Case Study

The course used in this experiment is an e-learning coaching course developed through multiple interviews with SMEs. The course includes four LOs, which address the following knowledge and capability areas: 1) identifying what effective coaching looks like; 2) knowing how to use a collection of specified coaching models and tools; 3) identifying examples of bias and bias-interruption strategies in coaching; and 4) using coaching to support talent management and development. Each sub-LO is measured by assessment questions ranging from one to three questions per sub-LO - that assess the learner’s proficiency in the knowledge or skill represented. A collection of sub-LOs fall under one LO - ranging from two to six sub-LOs per LO. The proficiency for the sub-LOs roll up to estimate the proficiency for their overarching LO. Because coaching is a complex capability that requires navigating complicated inter-personal dynamics and social-emotional cues, assessments include relevant, real-world scenarios that prompt learners to activate prior knowledge and require learners to weigh various factors to solve a given challenge [9].

MLS Applies and Reasons Autoencoders

In this section, we introduce the initial experiments of applying AE, VAE, and WAE to discover the learning patterns from learning data. During the experiments, we identify and reason the limitation of Autoencoders when dealing with binary values. The observation is captured in (Table 1). The first row presents the loss trajectories for constructing binary data with AE, VAE, and WAE. For all three Autoencoders, both the loss value and the loss variance are far from the ideal (an ideal loss value “zero” means a perfect model fit for the observation data). Usually, a high and stable loss value indicates the optimization process is trapped at a local minimum. A high loss variance indicates the gradient descent direction is bounding back and forth at the local minimum. Both measures indicate the optimization process could not continue. As MLS dives into the activation function of neural networks, MLS realizes that the sigmoid function might be the reason that the binary value reconstruction is difficult. A sigmoid function [10] is a bounded, differentiable, real function that is defined for all real input and has a non-negative derivative at each point. It is widely used as the activation function of neural networks. It most often shows a return value in the range 0 to 1. In our application, the behavior data on assessment correctness is binary, either 0 or 1, which is on the boundary of the sigmoid function output value. Thus, the large loss value and loss variance indicate that a set of variables and a set of weights associated to the variables are difficult to fit the binary data within a latent space. We hypothesize it is a limitation for Autoencoders to deal with discrete binary value modeling.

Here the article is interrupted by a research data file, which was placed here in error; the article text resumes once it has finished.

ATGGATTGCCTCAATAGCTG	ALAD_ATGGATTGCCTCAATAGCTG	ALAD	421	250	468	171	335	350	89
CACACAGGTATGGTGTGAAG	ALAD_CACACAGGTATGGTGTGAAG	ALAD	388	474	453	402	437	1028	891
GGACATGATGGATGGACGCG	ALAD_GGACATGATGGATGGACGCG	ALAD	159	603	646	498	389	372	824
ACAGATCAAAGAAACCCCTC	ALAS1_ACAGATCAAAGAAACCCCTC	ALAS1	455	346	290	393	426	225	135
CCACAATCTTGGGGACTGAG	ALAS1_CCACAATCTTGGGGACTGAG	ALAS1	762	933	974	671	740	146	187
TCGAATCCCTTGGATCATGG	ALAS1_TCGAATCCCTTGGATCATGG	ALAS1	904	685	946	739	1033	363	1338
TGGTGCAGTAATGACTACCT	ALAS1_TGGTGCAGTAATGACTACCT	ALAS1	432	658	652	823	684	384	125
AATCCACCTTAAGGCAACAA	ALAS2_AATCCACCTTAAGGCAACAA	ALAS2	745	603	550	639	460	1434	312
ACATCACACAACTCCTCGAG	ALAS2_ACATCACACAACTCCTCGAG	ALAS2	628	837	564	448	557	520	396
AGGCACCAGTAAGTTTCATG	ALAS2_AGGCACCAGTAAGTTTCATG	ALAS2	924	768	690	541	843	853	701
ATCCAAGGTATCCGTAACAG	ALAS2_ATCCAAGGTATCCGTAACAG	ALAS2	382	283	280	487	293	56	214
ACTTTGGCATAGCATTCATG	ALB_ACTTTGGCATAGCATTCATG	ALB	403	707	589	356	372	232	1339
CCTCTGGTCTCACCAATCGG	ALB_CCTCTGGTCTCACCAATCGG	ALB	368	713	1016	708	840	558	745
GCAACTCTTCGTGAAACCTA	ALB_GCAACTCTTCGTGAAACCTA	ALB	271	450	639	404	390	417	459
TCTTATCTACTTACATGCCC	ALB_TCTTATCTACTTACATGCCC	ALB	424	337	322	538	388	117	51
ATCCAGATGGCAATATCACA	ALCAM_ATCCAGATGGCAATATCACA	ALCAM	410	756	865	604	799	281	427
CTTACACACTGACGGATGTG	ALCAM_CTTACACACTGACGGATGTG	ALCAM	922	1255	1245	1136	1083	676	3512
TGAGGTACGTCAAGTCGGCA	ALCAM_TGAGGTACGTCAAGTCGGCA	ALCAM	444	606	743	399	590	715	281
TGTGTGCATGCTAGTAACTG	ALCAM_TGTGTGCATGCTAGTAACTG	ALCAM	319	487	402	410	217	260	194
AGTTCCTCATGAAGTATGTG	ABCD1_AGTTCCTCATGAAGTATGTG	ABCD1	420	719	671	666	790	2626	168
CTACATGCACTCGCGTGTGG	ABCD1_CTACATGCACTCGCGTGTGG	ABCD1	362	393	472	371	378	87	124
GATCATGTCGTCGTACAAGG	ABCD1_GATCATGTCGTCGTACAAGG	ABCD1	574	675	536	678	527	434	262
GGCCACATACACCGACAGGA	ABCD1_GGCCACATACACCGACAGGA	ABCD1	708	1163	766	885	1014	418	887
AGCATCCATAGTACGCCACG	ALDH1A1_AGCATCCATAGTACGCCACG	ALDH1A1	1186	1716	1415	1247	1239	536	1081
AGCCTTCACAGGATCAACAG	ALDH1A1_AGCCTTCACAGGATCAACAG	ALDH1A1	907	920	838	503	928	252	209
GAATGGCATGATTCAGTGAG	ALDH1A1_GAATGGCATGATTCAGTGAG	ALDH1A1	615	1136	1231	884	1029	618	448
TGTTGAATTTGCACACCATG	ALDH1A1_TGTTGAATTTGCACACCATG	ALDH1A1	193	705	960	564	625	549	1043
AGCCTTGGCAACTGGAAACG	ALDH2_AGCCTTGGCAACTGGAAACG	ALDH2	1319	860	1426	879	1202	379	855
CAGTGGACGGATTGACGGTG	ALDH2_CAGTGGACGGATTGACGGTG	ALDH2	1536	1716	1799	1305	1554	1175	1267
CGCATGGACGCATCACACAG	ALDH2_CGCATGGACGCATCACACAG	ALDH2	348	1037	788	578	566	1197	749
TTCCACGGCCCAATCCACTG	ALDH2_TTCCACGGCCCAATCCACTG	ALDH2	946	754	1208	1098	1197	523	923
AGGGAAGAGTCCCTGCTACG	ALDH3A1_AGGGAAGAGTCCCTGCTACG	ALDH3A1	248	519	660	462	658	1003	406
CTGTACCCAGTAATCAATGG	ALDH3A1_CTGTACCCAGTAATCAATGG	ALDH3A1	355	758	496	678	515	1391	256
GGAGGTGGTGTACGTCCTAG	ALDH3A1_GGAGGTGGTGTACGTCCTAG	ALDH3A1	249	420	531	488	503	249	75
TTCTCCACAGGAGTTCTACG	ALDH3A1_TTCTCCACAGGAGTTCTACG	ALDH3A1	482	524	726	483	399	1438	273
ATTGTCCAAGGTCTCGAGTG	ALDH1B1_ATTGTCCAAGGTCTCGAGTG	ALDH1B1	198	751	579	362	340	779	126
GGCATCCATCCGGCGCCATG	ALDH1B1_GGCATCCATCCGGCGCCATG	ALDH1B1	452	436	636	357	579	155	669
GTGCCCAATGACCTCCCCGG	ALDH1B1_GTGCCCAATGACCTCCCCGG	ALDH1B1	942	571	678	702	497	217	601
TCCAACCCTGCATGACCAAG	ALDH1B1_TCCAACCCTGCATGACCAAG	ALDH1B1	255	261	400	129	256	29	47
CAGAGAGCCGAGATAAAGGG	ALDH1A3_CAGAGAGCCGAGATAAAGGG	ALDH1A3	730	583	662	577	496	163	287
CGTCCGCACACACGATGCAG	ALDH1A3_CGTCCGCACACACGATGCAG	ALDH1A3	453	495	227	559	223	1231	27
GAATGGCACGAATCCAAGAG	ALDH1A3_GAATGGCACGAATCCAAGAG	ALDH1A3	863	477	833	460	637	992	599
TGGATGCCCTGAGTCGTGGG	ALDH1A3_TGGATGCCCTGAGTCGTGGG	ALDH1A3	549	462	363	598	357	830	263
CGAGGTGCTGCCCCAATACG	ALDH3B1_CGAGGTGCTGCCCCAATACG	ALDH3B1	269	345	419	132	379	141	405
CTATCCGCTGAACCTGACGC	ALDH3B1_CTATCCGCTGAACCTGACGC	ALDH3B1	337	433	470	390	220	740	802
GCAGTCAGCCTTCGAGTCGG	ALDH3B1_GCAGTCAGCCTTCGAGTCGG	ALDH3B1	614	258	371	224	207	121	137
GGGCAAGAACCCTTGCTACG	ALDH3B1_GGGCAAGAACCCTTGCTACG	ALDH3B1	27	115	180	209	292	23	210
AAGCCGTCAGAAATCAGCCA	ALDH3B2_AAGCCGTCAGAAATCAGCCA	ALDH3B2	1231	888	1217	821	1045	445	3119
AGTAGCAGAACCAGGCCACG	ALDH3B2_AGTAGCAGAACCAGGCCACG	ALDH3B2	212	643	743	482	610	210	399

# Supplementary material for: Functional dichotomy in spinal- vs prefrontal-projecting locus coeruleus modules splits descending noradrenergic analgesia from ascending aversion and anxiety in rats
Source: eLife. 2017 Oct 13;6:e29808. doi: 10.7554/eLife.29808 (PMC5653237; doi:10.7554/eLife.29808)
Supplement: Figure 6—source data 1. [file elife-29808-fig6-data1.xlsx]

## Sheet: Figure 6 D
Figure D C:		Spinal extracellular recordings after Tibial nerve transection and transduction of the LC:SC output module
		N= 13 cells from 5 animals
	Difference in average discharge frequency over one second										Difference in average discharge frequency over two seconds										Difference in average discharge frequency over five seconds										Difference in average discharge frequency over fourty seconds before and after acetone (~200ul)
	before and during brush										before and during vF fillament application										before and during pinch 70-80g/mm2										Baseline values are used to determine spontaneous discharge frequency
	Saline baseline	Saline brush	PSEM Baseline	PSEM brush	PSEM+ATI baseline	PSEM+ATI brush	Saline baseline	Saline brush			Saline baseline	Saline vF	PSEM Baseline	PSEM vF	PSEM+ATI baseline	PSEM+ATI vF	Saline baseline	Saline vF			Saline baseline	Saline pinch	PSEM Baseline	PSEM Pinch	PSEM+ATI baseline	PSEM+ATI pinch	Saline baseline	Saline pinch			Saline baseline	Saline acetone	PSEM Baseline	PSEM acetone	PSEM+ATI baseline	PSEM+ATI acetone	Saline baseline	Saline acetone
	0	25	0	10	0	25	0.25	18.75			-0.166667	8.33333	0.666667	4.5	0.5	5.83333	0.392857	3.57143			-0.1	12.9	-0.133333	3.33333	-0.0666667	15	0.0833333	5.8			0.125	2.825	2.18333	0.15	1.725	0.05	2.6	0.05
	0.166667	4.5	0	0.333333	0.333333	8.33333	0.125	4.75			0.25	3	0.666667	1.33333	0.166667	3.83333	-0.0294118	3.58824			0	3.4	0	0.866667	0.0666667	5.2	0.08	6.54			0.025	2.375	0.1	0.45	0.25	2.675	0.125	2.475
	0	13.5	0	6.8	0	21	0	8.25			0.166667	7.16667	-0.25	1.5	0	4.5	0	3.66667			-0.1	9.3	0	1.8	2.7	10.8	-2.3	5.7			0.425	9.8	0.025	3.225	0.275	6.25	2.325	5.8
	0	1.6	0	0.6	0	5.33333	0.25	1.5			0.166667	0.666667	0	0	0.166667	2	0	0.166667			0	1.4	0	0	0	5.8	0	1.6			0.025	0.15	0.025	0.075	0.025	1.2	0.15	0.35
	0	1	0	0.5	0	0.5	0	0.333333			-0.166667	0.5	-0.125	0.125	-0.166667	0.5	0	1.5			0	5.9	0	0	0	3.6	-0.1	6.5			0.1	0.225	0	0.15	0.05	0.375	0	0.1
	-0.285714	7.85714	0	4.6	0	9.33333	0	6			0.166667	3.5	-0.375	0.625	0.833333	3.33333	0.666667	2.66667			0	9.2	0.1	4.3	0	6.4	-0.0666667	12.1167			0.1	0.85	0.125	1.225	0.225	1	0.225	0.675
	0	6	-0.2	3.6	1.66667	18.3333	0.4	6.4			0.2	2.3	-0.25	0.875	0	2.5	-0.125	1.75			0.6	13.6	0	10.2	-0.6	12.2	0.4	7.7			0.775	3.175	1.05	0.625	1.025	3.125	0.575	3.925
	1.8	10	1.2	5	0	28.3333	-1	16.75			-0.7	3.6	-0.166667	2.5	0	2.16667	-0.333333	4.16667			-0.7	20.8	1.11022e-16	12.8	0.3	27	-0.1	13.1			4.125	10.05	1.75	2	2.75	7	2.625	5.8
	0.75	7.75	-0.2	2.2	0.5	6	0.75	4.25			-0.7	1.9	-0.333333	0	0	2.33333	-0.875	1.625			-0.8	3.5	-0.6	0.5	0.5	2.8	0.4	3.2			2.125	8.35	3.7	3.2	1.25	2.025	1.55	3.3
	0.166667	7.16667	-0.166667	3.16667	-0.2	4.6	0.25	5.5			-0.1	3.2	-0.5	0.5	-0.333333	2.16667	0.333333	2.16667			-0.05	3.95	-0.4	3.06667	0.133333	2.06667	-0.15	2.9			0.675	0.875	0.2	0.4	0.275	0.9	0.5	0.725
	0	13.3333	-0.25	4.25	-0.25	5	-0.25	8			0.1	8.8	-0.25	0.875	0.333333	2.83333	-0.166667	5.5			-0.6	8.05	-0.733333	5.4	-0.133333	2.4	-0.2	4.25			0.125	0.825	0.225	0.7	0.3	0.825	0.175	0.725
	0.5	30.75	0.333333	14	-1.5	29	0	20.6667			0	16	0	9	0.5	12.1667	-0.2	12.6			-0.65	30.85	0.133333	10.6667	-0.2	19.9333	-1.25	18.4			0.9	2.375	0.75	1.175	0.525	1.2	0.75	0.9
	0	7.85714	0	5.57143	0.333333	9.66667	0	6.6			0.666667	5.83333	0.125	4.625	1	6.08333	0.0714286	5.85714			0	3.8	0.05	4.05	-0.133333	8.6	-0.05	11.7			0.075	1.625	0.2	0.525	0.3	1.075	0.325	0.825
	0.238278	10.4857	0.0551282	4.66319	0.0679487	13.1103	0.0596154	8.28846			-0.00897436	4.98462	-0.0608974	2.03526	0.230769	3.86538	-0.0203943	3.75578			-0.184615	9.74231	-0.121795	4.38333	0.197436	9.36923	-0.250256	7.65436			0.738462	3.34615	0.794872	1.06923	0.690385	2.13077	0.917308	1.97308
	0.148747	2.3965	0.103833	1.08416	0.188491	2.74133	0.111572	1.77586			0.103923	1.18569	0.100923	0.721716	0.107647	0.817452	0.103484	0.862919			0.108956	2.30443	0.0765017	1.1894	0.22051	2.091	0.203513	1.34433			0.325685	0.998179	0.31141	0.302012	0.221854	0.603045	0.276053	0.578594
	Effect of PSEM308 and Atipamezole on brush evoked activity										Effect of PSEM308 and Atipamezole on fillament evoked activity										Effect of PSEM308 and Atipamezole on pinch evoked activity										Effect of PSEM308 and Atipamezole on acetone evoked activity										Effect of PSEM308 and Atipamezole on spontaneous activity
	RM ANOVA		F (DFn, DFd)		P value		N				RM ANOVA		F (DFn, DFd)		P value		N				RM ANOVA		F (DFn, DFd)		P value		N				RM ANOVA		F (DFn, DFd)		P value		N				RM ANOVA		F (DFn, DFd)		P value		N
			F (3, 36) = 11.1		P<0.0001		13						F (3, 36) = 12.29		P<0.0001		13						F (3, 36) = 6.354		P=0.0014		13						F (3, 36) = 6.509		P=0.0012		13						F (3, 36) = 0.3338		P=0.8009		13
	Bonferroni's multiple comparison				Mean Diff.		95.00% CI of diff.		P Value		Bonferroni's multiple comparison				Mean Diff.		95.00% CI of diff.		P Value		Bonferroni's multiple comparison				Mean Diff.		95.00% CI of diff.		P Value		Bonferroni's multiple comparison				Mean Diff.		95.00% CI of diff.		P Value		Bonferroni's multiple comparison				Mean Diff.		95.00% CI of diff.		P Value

Table 1: Relationship between LO, sub-LO, Assessment, and ML Clustering.

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MLS uses Domain Knowledge to Transform Learning Data